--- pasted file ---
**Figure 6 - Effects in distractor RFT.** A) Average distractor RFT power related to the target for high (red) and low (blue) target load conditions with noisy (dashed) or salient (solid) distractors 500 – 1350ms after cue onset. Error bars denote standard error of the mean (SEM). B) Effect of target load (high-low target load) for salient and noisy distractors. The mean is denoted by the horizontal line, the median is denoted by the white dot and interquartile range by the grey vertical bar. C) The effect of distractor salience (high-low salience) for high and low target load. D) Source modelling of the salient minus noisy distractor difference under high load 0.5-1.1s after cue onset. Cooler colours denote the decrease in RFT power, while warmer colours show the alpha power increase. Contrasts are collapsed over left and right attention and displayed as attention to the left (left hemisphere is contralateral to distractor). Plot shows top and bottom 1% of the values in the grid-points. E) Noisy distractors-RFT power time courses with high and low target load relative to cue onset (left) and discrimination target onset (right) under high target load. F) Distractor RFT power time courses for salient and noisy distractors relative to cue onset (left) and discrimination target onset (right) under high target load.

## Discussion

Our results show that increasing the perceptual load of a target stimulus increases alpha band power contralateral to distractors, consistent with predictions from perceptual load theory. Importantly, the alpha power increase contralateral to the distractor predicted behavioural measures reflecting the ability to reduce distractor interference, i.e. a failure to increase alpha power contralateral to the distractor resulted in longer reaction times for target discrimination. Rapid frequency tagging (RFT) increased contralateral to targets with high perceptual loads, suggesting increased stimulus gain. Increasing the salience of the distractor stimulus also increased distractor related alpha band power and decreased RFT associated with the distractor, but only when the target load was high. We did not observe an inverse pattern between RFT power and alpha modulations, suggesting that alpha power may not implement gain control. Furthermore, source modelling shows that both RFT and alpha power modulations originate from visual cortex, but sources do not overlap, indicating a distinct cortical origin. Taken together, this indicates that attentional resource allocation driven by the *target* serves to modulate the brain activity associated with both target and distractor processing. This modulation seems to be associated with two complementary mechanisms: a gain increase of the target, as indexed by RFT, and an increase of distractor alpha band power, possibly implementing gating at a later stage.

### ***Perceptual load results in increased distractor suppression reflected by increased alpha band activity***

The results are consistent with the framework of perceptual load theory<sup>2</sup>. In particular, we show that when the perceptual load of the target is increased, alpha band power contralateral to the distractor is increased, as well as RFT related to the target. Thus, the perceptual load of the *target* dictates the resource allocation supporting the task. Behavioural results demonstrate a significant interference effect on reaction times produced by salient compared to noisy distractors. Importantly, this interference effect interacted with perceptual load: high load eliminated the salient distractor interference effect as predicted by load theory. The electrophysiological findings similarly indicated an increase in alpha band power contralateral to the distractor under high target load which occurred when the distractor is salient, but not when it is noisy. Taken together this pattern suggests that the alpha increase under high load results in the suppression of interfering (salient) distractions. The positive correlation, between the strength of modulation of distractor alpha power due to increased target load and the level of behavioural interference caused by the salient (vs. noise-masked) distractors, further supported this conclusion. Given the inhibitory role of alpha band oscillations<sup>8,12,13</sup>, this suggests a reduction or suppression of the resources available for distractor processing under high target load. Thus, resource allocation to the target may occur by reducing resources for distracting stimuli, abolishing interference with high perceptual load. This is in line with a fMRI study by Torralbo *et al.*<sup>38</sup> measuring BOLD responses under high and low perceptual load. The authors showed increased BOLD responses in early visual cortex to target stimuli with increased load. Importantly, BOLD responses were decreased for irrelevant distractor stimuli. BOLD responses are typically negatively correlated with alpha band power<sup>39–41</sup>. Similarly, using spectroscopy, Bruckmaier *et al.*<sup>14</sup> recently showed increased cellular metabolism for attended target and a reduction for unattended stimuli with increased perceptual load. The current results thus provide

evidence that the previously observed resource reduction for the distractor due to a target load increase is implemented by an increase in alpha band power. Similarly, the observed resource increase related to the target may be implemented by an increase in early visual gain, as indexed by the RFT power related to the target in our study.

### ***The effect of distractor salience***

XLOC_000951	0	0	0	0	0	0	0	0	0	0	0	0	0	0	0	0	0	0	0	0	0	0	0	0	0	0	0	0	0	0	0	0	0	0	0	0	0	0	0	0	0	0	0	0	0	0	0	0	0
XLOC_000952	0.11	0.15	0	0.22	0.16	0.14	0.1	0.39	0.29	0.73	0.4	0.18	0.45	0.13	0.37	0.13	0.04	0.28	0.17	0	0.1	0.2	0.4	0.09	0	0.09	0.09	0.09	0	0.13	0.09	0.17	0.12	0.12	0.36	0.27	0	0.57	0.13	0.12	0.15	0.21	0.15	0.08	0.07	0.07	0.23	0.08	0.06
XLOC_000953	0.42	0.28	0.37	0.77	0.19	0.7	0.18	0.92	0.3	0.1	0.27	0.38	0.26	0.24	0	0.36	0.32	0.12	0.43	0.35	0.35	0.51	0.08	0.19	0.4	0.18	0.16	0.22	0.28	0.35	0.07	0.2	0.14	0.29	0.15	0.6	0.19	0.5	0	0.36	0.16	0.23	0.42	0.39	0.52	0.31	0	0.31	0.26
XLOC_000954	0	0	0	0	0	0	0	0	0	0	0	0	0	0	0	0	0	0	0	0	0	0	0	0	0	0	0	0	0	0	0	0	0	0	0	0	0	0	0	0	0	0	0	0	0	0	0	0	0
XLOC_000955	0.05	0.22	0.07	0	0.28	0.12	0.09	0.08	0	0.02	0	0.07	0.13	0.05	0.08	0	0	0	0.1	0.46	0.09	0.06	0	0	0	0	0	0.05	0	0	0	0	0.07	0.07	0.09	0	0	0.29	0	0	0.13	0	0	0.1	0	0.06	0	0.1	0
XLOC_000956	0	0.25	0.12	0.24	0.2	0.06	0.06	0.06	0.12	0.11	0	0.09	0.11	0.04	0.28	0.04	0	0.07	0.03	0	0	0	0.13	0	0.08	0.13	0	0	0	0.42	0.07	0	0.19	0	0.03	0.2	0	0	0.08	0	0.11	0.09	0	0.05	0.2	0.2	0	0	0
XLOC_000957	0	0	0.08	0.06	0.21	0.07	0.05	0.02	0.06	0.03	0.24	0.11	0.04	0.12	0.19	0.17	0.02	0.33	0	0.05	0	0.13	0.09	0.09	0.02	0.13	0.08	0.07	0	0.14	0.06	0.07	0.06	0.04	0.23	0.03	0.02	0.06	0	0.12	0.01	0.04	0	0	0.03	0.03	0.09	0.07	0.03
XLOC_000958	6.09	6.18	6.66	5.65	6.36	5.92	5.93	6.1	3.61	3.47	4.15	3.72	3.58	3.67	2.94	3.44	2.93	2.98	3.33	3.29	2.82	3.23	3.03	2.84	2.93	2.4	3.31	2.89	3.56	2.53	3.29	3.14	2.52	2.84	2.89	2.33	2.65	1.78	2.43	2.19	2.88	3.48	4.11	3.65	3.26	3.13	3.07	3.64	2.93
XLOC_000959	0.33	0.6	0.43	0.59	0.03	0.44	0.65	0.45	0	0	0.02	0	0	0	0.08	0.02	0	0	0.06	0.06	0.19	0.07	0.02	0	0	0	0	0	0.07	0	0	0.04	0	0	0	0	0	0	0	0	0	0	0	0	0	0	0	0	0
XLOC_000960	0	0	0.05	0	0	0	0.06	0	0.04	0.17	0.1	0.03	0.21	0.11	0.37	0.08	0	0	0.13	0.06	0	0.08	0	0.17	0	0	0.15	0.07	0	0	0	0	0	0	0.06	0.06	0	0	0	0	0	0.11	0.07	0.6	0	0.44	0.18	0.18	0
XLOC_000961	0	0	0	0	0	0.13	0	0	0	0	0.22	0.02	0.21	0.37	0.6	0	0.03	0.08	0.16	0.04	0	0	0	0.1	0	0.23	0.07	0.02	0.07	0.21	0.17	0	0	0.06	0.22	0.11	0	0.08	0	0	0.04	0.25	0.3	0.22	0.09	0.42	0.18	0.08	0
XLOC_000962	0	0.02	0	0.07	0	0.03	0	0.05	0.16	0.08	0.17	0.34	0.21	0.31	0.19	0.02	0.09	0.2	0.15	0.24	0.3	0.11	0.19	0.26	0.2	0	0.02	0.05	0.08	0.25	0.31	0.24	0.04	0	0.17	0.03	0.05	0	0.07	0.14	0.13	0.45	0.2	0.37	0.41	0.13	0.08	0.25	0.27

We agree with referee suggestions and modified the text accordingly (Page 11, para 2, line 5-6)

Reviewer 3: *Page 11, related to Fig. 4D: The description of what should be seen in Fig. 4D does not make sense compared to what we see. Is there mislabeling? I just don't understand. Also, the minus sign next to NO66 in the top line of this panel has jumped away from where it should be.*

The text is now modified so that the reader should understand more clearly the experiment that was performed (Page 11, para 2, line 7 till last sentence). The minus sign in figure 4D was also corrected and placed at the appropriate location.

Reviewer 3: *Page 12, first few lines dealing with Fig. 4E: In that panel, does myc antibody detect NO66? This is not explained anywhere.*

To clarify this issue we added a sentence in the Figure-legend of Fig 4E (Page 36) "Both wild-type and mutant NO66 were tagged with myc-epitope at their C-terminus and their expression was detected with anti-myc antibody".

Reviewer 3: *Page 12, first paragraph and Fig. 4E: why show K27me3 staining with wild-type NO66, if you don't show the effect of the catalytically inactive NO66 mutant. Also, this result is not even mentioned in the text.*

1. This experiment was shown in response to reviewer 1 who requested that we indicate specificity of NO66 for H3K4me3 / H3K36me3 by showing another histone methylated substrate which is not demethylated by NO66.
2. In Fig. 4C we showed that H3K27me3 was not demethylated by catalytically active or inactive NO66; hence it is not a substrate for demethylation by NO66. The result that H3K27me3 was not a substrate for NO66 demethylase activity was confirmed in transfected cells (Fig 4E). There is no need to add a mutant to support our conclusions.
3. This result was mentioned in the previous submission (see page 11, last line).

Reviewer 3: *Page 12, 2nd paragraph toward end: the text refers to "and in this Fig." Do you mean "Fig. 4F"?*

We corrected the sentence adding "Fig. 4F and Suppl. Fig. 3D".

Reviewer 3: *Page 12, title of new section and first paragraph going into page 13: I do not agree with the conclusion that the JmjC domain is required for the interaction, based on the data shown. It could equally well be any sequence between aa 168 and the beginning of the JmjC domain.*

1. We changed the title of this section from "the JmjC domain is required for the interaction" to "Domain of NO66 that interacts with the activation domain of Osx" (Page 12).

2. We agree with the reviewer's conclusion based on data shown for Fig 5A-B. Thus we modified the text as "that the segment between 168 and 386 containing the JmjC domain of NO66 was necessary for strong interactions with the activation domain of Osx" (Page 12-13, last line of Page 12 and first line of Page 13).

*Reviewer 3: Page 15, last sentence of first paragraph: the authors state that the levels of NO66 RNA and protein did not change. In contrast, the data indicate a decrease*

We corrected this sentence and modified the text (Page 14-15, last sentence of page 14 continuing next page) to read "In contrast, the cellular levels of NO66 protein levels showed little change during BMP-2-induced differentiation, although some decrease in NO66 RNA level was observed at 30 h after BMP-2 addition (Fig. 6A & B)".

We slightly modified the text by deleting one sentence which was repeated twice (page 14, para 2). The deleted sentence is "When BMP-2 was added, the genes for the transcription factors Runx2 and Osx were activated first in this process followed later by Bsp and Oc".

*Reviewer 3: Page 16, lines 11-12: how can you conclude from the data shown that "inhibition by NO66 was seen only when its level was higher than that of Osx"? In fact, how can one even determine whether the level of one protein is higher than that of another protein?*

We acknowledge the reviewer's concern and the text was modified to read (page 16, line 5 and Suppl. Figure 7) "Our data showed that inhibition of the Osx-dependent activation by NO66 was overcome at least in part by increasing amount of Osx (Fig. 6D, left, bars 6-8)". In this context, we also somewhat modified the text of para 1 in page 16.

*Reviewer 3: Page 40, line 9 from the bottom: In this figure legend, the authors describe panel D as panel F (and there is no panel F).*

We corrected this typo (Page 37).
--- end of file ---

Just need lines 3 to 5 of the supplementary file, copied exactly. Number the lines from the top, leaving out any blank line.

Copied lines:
Our results show that increasing the perceptual load of a target stimulus increases alpha band power contralateral to distractors, consistent with predictions from perceptual load theory. Importantly, the alpha power increase contralateral to the distractor predicted behavioural measures reflecting the ability to reduce distractor interference, i.e. a failure to increase alpha power contralateral to the distractor resulted in longer reaction times for target discrimination. Rapid frequency tagging (RFT) increased contralateral to targets with high perceptual loads, suggesting increased stimulus gain. Increasing the salience of the distractor stimulus also increased distractor related alpha band power and decreased RFT associated with the distractor, but only when the target load was high. We did not observe an inverse pattern between RFT power and alpha modulations, suggesting that alpha power may not implement gain control. Furthermore, source modelling shows that both RFT and alpha power modulations originate from visual cortex, but sources do not overlap, indicating a distinct cortical origin. Taken together, this indicates that attentional resource allocation driven by the *target* serves to modulate the brain activity associated with both target and distractor processing. This modulation seems to be associated with two complementary mechanisms: a gain increase of the target, as indexed by RFT, and an increase of distractor alpha band power, possibly implementing gating at a later stage.

### ***Perceptual load results in increased distractor suppression reflected by increased alpha band activity***

The results are consistent with the framework of perceptual load theory<sup>2</sup>. In particular, we show that when the perceptual load of the target is increased, alpha band power contralateral to the distractor is increased, as well as RFT related to the target. Thus, the perceptual load of the *target* dictates the resource allocation supporting the task. Behavioural results demonstrate a significant interference effect on reaction times produced by salient compared to noisy distractors. Importantly, this interference effect interacted with perceptual load: high load eliminated the salient distractor interference effect as predicted by load theory. The electrophysiological findings similarly indicated an increase in alpha band power contralateral to the distractor under high target load which occurred when the distractor is salient, but not when it is noisy. Taken together this pattern suggests that the alpha increase under high load results in the suppression of interfering (salient) distractions. The positive correlation, between the strength of modulation of distractor alpha power due to increased target load and the level of behavioural interference caused by the salient (vs. noise-masked) distractors, further supported this conclusion. Given the inhibitory role of alpha band oscillations<sup>8,12,13</sup>, this suggests a reduction or suppression of the resources available for distractor processing under high target load. Thus, resource allocation to the target may occur by reducing resources for distracting stimuli, abolishing interference with high perceptual load. This is in line with a fMRI study by Torralbo *et al.*<sup>38</sup> measuring BOLD responses under high and low perceptual load. The authors showed increased BOLD responses in early visual cortex to target stimuli with increased load. Importantly, BOLD responses were decreased for irrelevant distractor stimuli. BOLD responses are typically negatively correlated with alpha band power<sup>39–41</sup>. Similarly, using spectroscopy, Bruckmaier *et al.*<sup>14</sup> recently showed increased cellular metabolism for attended target and a reduction for unattended stimuli with increased perceptual load. The current results thus provide